13/03/2014 - 16/03/2014
When Jason falls for a girl at his favourite video store, he turns to the one place he can trust for advice – the internet. The 2013 New Zealand Fringe (Wgtn) hit is rebooted for Dunedin Fringe 2014, an acerbic black comedy about our lives online, our lives offline, and the fragile barriers that separate the two.
Jason Stegemann is a guy with a lot on his shoulders. An awkward university dropout, Jason works a dead-end supermarket job and has a volatile flatmate with serious issues of his own. Frustrated with life, Jason frequently escapes to the only place he can be himself – the Nothing is Original forums, an internet meeting-place for fans of popular culture and media. So when Jason falls for Brie, a girl who works at his favourite video store, he immediately turns to the friends and followers he’s cultivated online. But a likable new poster with an encyclopaedic knowledge of My Little Pony is threatening his top dog status, and his threads are dogged by a persistent troll. Under attack from all corners, Jason’s internet life starts to collapse around him – and it might just take his real life with it.
A runaway hit at the 2013 New Zealand Fringe Festival and shortlisted for the Playmarket Playwrights b4 25 competition 2013, Leaving Party present an all-new Rageface, rebooted for Dunedin audiences. A kinetic and acerbic black comedy, Rageface interrogates our lives online, our lives offline, and the complex network of secrets and lies keeping them apart.
Real life. It’s serious business.
March 13, 14, 15, 16
The Playhouse Theatre
Online Tickets: $12
Door Sales: $15
Dash Tickets (0800 327 484)
The Playhouse Theatre
31 Albany St, Dunedin 9016
Writer/Director: Adam Goodall
Producer: Clementine Flatley
Lighting: Christian Heinze-Rowney
Sound/Music: Zac Nicholls
Complex ideas impressively explored
Review by Sharon Matthews 14th Mar 2014
Rageface, written and directed by Adam Goodall, is a grimly frightening tale of a young man in retreat from reality into a world of on-line forums.
In real-life, Jason / Sherlock (an impressive performance by Andrew Brinsley-Pirie) is a university dropout with a crummy job and an aggressive flatmate, Liam (Allyn Robins). On-line, Jason is a respected and eloquent poster on (in?) a popular culture forum called ‘Nothing is Original.’ Life in the real-world seems to be looking up for Jason though. He meets a flesh-and blood woman, Brie (Annica Lewis), who appears to like him.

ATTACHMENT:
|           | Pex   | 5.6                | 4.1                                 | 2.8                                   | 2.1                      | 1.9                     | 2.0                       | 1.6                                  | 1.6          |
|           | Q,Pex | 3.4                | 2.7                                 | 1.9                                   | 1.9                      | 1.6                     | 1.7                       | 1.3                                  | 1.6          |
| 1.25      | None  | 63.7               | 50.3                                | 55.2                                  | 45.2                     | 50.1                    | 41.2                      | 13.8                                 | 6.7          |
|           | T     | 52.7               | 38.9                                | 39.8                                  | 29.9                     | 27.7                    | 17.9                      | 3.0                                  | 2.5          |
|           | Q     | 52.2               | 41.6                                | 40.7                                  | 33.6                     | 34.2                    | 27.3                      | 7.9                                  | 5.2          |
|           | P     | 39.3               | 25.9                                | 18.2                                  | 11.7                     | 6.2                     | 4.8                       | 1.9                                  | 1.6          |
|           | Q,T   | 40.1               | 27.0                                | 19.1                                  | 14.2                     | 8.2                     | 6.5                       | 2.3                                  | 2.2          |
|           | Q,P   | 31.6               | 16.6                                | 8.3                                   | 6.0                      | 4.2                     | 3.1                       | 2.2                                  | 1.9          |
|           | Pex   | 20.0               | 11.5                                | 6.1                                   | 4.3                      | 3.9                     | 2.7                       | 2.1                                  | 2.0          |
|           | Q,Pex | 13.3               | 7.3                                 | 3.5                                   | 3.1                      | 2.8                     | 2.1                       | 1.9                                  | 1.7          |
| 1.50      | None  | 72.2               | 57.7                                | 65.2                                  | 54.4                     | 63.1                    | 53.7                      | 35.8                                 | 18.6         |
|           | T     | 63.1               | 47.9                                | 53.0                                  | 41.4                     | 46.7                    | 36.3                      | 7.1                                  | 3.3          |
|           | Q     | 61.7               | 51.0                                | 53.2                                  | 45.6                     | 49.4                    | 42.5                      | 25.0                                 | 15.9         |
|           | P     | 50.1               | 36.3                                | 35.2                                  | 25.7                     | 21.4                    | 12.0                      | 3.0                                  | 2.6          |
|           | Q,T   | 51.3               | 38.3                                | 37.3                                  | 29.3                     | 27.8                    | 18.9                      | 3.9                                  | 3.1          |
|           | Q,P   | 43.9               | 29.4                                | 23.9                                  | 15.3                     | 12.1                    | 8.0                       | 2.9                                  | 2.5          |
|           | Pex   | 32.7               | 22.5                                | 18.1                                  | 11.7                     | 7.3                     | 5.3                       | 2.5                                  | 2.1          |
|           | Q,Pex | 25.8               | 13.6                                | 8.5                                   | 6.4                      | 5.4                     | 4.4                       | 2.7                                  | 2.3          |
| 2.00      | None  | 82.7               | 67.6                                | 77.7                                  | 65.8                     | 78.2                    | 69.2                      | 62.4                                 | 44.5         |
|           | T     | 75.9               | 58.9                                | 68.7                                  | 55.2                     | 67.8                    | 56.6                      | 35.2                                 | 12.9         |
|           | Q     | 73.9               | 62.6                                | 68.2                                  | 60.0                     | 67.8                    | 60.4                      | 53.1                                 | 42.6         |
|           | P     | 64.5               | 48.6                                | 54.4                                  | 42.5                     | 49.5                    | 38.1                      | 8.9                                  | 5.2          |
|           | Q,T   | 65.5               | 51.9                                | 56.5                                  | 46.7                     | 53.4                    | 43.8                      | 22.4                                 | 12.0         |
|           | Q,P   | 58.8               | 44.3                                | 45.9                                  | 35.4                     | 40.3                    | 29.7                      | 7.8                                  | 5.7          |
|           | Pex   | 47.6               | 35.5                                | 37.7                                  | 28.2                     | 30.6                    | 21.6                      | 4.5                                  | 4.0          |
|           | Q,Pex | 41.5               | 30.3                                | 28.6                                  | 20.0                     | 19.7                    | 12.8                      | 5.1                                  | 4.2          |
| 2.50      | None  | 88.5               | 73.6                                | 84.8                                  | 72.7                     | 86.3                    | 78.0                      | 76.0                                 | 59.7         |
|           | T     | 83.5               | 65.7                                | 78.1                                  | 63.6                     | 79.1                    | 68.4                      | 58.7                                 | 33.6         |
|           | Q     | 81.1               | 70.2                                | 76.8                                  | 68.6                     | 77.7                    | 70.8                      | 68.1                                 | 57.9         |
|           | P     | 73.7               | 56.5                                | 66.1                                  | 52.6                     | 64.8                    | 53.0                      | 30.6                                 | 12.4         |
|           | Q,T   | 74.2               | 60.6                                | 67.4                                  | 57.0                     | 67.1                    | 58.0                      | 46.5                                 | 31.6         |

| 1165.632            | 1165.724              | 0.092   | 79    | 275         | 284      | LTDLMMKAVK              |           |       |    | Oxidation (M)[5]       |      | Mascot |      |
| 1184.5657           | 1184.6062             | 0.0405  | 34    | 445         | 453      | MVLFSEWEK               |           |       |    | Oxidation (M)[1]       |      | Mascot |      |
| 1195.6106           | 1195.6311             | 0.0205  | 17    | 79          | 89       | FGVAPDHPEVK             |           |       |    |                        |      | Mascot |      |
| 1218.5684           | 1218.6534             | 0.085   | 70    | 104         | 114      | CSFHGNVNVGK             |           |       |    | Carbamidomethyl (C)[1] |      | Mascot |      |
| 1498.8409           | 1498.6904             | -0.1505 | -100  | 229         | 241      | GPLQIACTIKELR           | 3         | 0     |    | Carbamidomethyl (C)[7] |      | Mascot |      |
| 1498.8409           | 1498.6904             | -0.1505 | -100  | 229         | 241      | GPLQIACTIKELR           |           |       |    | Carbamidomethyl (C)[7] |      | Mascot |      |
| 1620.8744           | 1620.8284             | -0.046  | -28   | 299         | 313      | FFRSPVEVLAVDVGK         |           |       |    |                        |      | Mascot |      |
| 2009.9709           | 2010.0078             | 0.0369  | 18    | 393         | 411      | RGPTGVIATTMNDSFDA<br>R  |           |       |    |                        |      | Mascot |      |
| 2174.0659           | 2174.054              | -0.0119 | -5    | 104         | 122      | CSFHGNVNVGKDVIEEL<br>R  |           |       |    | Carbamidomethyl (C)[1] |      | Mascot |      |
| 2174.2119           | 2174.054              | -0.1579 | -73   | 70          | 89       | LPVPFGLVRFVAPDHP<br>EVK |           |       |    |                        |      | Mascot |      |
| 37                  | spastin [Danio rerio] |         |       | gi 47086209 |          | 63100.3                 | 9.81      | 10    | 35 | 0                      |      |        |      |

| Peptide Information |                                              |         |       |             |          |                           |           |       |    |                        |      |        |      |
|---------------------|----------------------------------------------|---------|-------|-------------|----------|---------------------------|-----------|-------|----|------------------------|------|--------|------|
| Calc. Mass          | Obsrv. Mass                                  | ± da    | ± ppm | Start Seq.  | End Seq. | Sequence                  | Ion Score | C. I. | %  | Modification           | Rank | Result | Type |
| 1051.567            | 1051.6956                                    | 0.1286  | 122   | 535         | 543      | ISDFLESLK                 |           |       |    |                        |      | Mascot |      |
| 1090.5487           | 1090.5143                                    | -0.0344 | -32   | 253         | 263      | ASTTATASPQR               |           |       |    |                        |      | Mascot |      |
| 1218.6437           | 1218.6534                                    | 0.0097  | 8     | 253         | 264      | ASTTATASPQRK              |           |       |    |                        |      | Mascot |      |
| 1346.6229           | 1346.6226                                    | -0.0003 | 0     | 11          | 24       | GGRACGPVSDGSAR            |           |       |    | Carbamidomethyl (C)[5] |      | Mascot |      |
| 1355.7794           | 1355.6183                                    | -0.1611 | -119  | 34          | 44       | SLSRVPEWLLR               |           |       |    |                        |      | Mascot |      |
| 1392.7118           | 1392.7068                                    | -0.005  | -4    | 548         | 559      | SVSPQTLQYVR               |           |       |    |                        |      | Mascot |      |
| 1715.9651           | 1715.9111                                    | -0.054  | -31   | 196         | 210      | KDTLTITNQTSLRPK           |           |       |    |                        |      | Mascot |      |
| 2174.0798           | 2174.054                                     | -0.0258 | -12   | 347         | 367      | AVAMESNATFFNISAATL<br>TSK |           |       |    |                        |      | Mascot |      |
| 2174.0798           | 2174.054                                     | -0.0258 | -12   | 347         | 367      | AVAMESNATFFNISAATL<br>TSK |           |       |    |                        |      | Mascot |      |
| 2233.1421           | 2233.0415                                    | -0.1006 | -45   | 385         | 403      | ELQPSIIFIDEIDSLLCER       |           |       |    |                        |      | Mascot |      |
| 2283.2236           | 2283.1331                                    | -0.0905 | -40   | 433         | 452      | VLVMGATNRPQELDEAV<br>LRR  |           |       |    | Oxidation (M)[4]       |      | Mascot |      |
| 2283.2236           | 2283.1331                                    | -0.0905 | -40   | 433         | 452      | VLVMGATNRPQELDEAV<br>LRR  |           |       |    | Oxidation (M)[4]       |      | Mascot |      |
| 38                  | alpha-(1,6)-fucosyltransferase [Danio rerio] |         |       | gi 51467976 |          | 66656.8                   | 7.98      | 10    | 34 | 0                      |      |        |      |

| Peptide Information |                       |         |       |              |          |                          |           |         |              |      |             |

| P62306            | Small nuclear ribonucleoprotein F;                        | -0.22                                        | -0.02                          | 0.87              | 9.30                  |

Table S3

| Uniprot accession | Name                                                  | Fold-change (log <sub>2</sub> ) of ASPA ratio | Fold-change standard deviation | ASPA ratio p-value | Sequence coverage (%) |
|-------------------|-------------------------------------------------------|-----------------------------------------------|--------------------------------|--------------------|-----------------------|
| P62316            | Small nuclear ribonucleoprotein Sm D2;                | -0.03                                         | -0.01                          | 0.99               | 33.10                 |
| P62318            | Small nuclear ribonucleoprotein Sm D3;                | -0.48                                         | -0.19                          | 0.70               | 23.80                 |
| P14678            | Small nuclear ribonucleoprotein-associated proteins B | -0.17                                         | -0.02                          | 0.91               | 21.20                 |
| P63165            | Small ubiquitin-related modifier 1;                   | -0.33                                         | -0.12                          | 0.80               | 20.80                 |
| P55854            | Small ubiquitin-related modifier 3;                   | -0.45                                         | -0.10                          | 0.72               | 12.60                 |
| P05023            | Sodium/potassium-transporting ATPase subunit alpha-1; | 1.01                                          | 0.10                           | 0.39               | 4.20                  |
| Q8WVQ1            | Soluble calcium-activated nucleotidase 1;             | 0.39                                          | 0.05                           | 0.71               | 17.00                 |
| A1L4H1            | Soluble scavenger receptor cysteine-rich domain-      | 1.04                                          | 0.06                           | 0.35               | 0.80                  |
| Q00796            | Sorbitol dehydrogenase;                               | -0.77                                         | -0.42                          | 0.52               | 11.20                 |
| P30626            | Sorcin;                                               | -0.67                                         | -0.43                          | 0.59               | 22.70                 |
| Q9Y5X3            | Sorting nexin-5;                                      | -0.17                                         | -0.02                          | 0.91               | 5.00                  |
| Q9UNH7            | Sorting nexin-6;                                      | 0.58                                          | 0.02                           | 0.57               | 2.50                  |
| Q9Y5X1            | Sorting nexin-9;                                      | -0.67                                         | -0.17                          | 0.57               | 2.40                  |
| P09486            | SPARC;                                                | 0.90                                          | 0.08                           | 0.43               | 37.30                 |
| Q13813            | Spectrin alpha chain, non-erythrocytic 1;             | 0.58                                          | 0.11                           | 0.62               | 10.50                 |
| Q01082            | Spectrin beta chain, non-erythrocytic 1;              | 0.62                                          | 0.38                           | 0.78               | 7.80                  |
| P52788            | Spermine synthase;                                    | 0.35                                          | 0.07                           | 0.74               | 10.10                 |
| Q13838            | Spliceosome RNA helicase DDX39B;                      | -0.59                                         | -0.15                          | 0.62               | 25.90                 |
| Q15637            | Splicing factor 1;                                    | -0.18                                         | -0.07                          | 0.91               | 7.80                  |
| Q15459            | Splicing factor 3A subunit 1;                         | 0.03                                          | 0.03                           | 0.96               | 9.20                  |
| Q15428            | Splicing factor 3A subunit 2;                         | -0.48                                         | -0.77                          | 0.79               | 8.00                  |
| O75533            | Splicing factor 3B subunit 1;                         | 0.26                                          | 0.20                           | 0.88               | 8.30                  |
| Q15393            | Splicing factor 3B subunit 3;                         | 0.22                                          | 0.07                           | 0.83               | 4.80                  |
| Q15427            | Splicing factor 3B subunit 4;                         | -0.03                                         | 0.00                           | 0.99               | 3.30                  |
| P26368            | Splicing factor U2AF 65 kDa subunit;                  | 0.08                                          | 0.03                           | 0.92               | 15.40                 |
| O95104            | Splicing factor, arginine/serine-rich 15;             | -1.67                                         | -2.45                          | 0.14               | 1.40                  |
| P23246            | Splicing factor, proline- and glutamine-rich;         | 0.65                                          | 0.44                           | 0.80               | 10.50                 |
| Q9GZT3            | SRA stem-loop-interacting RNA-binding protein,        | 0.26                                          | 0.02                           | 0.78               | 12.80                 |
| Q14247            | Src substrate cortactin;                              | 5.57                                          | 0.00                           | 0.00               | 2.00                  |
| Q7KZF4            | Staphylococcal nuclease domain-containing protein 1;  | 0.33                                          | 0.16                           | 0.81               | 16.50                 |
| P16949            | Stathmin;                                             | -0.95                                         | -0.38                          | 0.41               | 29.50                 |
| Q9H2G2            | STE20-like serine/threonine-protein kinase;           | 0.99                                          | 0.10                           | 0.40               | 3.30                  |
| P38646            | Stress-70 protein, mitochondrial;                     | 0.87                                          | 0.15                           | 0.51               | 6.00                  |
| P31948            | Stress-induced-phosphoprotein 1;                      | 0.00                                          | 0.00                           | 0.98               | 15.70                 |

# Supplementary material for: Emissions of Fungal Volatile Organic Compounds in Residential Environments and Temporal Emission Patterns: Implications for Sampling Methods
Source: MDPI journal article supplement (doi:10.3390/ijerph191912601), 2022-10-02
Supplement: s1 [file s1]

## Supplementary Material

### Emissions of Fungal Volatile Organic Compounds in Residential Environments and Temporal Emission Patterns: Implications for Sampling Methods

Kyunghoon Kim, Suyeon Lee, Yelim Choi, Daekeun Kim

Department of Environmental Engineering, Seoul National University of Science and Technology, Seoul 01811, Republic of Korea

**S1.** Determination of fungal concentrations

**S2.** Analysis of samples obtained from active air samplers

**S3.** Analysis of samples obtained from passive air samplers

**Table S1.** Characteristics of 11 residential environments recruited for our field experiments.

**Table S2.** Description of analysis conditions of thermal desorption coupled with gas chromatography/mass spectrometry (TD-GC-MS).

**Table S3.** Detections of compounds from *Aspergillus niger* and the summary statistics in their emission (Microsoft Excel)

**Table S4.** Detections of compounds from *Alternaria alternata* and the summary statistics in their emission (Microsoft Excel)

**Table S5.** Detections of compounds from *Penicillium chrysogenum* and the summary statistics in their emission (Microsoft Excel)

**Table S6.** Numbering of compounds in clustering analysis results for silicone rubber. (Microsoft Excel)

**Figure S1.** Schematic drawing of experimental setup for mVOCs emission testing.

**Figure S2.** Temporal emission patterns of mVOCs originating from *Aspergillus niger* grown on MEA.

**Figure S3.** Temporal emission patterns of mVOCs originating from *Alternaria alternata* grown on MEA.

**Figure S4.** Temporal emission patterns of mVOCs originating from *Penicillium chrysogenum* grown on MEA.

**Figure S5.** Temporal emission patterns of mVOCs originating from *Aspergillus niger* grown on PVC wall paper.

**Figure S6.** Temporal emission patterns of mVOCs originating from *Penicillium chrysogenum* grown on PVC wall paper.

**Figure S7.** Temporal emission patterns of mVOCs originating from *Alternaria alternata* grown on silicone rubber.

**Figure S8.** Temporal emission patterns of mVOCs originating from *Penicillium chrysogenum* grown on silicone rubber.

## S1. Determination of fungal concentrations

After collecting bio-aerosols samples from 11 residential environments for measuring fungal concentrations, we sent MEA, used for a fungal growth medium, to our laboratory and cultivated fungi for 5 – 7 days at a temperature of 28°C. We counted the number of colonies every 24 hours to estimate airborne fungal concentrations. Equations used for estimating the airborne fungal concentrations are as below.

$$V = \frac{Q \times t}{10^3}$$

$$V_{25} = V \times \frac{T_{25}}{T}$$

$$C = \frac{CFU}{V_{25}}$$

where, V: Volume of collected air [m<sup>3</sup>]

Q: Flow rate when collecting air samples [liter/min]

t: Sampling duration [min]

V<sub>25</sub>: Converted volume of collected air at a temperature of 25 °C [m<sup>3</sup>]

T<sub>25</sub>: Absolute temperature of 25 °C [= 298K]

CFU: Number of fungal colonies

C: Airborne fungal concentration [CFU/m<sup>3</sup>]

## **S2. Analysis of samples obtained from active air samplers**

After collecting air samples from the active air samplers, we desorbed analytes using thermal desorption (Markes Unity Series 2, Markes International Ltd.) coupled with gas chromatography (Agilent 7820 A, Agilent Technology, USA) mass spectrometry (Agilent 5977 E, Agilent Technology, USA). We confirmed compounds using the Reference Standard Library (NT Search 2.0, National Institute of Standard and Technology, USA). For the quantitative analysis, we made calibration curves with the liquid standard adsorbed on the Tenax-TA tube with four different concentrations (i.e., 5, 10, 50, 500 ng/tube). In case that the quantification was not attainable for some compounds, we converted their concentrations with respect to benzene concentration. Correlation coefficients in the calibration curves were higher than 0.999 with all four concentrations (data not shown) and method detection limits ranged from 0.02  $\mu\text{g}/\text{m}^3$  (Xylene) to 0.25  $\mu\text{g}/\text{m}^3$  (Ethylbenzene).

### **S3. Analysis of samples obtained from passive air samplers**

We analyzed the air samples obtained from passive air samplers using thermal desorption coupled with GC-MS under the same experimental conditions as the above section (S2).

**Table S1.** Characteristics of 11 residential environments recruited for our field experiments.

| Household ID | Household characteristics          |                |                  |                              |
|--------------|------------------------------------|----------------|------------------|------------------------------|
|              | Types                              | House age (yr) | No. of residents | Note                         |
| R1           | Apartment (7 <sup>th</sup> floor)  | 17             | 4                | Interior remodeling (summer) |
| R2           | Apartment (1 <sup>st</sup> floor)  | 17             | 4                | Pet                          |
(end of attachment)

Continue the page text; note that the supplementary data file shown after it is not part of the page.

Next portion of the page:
When Jason’s seemingly secure online identity and community status is threatened by a newer, more popular poster (Noni, played convincingly by Miriam Noonan) and a persistent troll, his internet life starts to collapse around him. Scarily, Jason’s sense of self is so emotionally bound up with this identification that, as his online position crumbles, so does his real world self.
Rageface is an impressive piece of ensemble theatre which draws heavily upon the physicality of the actors. The bodies of the actors form walls, supermarket aisles, and even café stools. While all of the actors achieve a very high standard of performance — particularly Anisha Hensley Wilson (Madrugada) and Helen Fearnley (Allison) who do well with comparatively less fleshed out characters — stand-outs for me are Jakub Green (as the Bros), Robins, and Elliott Phillips as the incredibly annoying Pierce.
I am fascinated by the way in which the actors engage the audience in (face-to-face) conversation at the beginning of the show, not only blurring the invisible wall between audience and stage, but also breaching the boundaries of the constrained world that they then enact for us. Intriguingly, although the subject matter is high tech, the realisation of the on-line world is endearingly lo-tech. Actors talk to each other via tin-cans on long strings, and the forum ‘Nothing is Original’ is replicated on stage using an old-fashioned overhead projector and handwritten transparencies. In an odd way, the veneer of childlike innocence this adds to the show highlights the darker themes below the surface.
Goodall is playing with complex ideas here: how we construct identity both on and off-line; the relationship between the internet and anonymity; and ultimately, how the internet has changed our understanding of the nature of community. In an interview, Goodall states that he is not intending the production to be an indictment of internet projects. He acknowledges that they can be helpful and positive for some people, but notes that there can also be a dark side that “doesn’t always ring so positive. Like anything that can become obsessive, there are also caveats.”
I can’t say that I ‘enjoyed’ Rageface. Some scenes — such as the one in which Jason meets, in real-time the woman, he has been discussing with his on-line forum ‘friends’ — are agonizing to watch. Brinsley-Pirie’s strong portrayal of Jason’s underlying tension and anger woke me at 3am with uncomfortable pictures in my head.
Nonetheless, I’m glad I saw this play. It is an impressive piece of work that opens up for me a world beyond my experiences and challenged many of my Luddite assumptions about the nature of on-line ‘reality.’ Goodall is clearly a talent well worth following — and I mean that in a real world sense. I look forward to seeing future productions of such a high standard from Leaving Party.
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